The ATO has released its ruling, LCR 2021/2, on non-arm’s length income and expenditure provisions that apply to all super funds.
The ruling was released on 28 July 2021.
This article should be read in conjunction with ATO publishes final ruling on non-arm’s length tax rules for all super funds Part 1 and ATO publishes final ruling on non-arm’s length tax rules for all super funds Part 2.
Trustees performing duties in trustee capacity or personal capacity
LCR 2021/2 also deals with trustees performing their duties in their personal capacity or their capacity as a trustee.
In example 11 (referred to above) the ATO says that the use of all related business services and equipment meant that Sharon was no longer performing duties in her trustee capacity.
The SIS Act ordinarily prevents a SMSF trustee from charging any remuneration for the duties they perform in managing their fund. Some limited exceptions are provided for recognised specialists who receive “remuneration that is no more favourable to them than that which it is reasonable to expect would apply if they were dealing with the relevant other party at arm’s length in the same circumstances” (LCR 2021/2, par 41).
The ATO says a trustee could be deemed to be acting in their individual capacity if any of the following apply:
- The individual charges for their services
- The individual uses the equipment or other assets of their business, profession or employment in a material manner; “…minor, infrequent or irregular use of equipment will not, of itself, indicate the individual is acting in their individual capacity”
- The individual uses a license and/or qualification relating to their business, profession or employment – that is, the activity can only be performed by using the specific license or qualification
- The activity is covered by an insurance policy relating to the business, profession or qualification.
Non-arm’s length limited recourse borrowing arrangements (LRBA)
A non-arm’s length LRBA will typically arise if the requirements of PCG 2016/5 – including annual interest rate adjustments published by the ATO – or current terms offered by an arm’s length lender are not followed.
LCR 2021/2 says that if a fund acquires an asset via a non-arm’s length LRBA then all the income and resultant capital gain on the asset is subject to the super non-arm’s penalty tax rate.
Interaction with ATO Super Contribution Tax Ruling 2010/1
At the same time as releasing LCR 2021/2, the ATO released a draft revised version of TR 2010/2 dealing with superannuation contributions.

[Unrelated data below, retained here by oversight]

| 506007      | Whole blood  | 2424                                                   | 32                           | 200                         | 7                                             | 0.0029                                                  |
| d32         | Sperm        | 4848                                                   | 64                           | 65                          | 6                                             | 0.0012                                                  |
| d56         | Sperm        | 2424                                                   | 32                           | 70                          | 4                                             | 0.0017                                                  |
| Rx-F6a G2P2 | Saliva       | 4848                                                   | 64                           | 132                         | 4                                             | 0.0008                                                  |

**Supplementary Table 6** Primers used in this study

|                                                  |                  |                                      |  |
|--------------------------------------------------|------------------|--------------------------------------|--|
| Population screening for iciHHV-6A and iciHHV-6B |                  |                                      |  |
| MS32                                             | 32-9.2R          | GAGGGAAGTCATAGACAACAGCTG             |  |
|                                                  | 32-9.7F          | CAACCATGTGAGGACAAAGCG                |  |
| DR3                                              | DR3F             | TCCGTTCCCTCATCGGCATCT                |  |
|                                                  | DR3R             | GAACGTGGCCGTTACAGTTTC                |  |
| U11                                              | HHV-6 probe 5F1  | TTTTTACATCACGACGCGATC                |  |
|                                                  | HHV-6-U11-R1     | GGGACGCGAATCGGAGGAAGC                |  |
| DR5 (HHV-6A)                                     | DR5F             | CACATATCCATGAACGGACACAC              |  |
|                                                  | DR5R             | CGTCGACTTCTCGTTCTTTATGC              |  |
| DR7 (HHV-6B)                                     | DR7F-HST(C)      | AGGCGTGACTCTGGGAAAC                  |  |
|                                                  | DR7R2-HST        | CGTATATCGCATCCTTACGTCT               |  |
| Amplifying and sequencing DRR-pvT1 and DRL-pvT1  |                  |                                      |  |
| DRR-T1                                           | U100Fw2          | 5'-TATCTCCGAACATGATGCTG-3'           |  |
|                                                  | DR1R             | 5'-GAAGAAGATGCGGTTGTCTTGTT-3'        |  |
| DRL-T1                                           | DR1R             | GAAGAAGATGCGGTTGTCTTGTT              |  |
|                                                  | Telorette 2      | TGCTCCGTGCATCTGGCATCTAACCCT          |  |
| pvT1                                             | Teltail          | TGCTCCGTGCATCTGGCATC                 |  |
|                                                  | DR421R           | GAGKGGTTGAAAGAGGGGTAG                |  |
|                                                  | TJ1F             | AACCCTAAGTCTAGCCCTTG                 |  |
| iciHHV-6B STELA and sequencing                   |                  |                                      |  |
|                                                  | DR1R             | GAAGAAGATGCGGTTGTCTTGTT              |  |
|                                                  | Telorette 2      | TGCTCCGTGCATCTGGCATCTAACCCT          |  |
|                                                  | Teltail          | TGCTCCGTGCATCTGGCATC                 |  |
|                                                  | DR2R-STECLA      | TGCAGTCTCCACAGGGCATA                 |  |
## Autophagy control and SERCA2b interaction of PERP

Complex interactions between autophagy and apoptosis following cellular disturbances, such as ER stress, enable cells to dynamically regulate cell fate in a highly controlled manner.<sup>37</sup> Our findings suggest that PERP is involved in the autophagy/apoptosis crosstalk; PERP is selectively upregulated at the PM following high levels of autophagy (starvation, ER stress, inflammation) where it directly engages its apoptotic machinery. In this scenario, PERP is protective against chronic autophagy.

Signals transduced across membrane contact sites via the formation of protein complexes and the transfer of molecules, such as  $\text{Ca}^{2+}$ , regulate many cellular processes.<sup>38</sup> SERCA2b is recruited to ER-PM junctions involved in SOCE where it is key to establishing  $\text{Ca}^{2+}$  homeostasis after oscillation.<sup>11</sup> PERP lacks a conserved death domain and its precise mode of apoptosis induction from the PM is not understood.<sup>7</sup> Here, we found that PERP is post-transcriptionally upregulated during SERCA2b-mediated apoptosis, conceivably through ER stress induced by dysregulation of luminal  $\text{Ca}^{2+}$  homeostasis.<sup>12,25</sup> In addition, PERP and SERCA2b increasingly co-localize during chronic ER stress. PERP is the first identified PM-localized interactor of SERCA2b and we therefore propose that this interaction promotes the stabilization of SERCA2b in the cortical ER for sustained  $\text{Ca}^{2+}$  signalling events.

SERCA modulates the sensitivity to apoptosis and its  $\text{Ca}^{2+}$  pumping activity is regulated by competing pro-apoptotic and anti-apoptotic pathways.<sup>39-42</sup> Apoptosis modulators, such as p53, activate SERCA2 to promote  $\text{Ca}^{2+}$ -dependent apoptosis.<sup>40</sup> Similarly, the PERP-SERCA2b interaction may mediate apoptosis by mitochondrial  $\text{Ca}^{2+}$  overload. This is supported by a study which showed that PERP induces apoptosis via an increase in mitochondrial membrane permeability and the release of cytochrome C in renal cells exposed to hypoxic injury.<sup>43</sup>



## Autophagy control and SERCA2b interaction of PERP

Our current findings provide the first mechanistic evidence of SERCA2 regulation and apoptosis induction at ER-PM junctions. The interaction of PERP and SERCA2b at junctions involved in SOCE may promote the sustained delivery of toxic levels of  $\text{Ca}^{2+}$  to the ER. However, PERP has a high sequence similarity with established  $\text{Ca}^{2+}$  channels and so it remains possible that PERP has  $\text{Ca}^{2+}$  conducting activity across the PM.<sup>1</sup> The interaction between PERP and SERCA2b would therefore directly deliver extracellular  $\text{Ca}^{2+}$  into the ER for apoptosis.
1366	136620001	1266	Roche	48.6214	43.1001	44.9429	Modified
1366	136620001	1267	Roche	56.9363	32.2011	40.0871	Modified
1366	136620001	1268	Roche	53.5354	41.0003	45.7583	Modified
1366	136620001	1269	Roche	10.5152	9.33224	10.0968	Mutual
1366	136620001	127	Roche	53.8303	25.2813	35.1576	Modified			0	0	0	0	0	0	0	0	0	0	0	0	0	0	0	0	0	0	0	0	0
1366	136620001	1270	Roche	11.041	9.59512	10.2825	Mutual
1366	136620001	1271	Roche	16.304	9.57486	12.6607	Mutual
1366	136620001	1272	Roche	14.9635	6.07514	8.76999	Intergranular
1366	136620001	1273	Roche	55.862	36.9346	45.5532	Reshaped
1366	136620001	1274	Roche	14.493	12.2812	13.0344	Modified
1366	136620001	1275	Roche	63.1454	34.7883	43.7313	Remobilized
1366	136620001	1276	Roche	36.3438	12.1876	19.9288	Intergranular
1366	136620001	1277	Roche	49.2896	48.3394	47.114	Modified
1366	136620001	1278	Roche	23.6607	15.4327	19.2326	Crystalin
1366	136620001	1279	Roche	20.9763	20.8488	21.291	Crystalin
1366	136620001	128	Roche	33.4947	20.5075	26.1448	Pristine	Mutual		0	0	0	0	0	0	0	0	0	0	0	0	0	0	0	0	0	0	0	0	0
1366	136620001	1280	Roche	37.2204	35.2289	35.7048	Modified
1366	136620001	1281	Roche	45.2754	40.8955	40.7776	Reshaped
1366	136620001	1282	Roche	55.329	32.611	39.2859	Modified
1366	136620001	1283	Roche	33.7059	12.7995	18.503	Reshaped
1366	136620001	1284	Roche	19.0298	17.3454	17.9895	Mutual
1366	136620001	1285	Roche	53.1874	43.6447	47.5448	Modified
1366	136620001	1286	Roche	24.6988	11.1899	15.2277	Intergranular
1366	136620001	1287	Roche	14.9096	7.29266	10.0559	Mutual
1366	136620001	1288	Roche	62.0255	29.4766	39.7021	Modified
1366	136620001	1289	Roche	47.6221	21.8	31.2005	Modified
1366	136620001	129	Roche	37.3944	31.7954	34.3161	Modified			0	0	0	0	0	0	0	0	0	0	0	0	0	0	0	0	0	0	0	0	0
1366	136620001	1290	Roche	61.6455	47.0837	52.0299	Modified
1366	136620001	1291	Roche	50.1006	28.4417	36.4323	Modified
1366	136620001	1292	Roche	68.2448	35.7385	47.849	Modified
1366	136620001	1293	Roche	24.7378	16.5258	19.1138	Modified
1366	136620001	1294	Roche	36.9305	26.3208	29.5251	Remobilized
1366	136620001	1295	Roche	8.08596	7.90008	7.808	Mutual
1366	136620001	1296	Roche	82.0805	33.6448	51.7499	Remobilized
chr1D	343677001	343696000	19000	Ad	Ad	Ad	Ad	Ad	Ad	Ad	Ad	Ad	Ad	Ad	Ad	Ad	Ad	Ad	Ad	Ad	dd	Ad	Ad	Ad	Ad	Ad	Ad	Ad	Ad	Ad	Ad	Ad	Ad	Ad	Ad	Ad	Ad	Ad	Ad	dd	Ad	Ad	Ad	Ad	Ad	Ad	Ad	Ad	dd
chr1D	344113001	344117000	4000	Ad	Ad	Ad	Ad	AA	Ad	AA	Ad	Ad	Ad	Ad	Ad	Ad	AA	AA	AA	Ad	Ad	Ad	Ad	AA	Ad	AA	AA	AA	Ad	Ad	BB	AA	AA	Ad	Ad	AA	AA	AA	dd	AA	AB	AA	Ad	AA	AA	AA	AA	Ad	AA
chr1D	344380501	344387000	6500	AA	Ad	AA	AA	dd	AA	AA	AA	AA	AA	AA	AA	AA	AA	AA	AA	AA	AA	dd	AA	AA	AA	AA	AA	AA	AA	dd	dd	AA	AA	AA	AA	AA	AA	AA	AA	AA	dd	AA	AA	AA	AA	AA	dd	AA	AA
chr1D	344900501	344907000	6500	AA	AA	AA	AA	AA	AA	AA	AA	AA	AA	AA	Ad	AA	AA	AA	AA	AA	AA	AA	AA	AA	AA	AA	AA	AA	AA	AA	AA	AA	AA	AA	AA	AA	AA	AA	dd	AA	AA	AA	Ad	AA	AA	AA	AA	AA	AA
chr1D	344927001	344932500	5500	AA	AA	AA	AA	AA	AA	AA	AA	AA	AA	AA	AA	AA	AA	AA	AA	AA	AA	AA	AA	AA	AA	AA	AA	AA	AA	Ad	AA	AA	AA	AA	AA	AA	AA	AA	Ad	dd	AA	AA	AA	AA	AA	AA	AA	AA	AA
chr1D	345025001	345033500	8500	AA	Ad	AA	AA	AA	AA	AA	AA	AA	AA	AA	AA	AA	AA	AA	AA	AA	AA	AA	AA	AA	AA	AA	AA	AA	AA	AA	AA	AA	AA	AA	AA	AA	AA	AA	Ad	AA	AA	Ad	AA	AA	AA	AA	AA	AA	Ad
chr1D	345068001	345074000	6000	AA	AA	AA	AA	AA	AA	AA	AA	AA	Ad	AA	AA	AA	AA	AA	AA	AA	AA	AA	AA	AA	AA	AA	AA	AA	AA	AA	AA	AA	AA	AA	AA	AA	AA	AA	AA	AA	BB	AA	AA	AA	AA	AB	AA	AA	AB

For over a decade when a super fund’s capital increased, TR 2010/1 typically deemed the value of that increase to be a super fund contribution.
This would be changed. In the first instance the income tax non-arm’s length income tax provisions need to be assessed first and then if they do not apply then a determination needs to be made on the contribution status in any increase in the fund’s capital value under TR 2010/1.
This means that “non arm’s length expenditure incurred to acquire an asset (including associated financing costs) will have a sufficient nexus to all ordinary or statutory income derived by the complying superannuation fund in respect of that asset. This includes any capital gain derived on the disposal of the asset … There will still be a sufficient nexus between the initial non arm’s length expenditure incurred to acquire an asset (including associated financing costs) and any capital gain derived on the disposal of the asset for the capital gain to be NALI even where the trustee subsequently refinances the borrowing arrangement on arm’s length terms.” (LCR 2021/2, par 18)
Interaction with PCG 2020/5
The ATO Practical Compliance Guide was recently re-published with updated terms. This essentially says that the ATO will not consider the impact of the new non-arm’s length rules for general expenses for all financial years between 1 July 2018 and 30 June 2022. However, it will consider this issue for specific expenses or outgoings from 1 July 2018.
Clearly, given the financial impact of the non-arm’s length provisions, it is possible that if this issue is not considered by auditors then the financial statements of a super fund could be materially misstated.
SMSF auditors may consider requesting trustees issue a representation letter stating if, and how, they have considered the non-arm’s length tax issues when preparing their fund’s financial accounts.
SMSF auditors might also consider stating in their engagement letter, or other method of reporting to trustees, that they have taken the trustees declaration about this issue into account when auditing the fund.
Many unanswered questions
There are many unanswered questions about this Law Companion Ruling and how it will apply in practise. We will endeavour to speak with the ATO about these issues and advise once we have answers.
Seeking legislative amendments
Because of the tax concessions attaching to superannuation there needs to be anti-avoidance provisions. We believe the current version of the anti-avoidance rules is too harsh and potentially targets many benign arrangements which involve no tax planning or avoidance motivations. We further believe it may be necessary to seek a legislative amendment to ensure the current anti-avoidance rule is narrowed.
CA ANZ Member queries
CA ANZ members with questions about this ruling should contact us at: [email protected].
Read Part 1 and Part 2 for the complete breakdown of the final ruling on non-arm’s length tax rules for all super fundsRead Part 1Read Part 2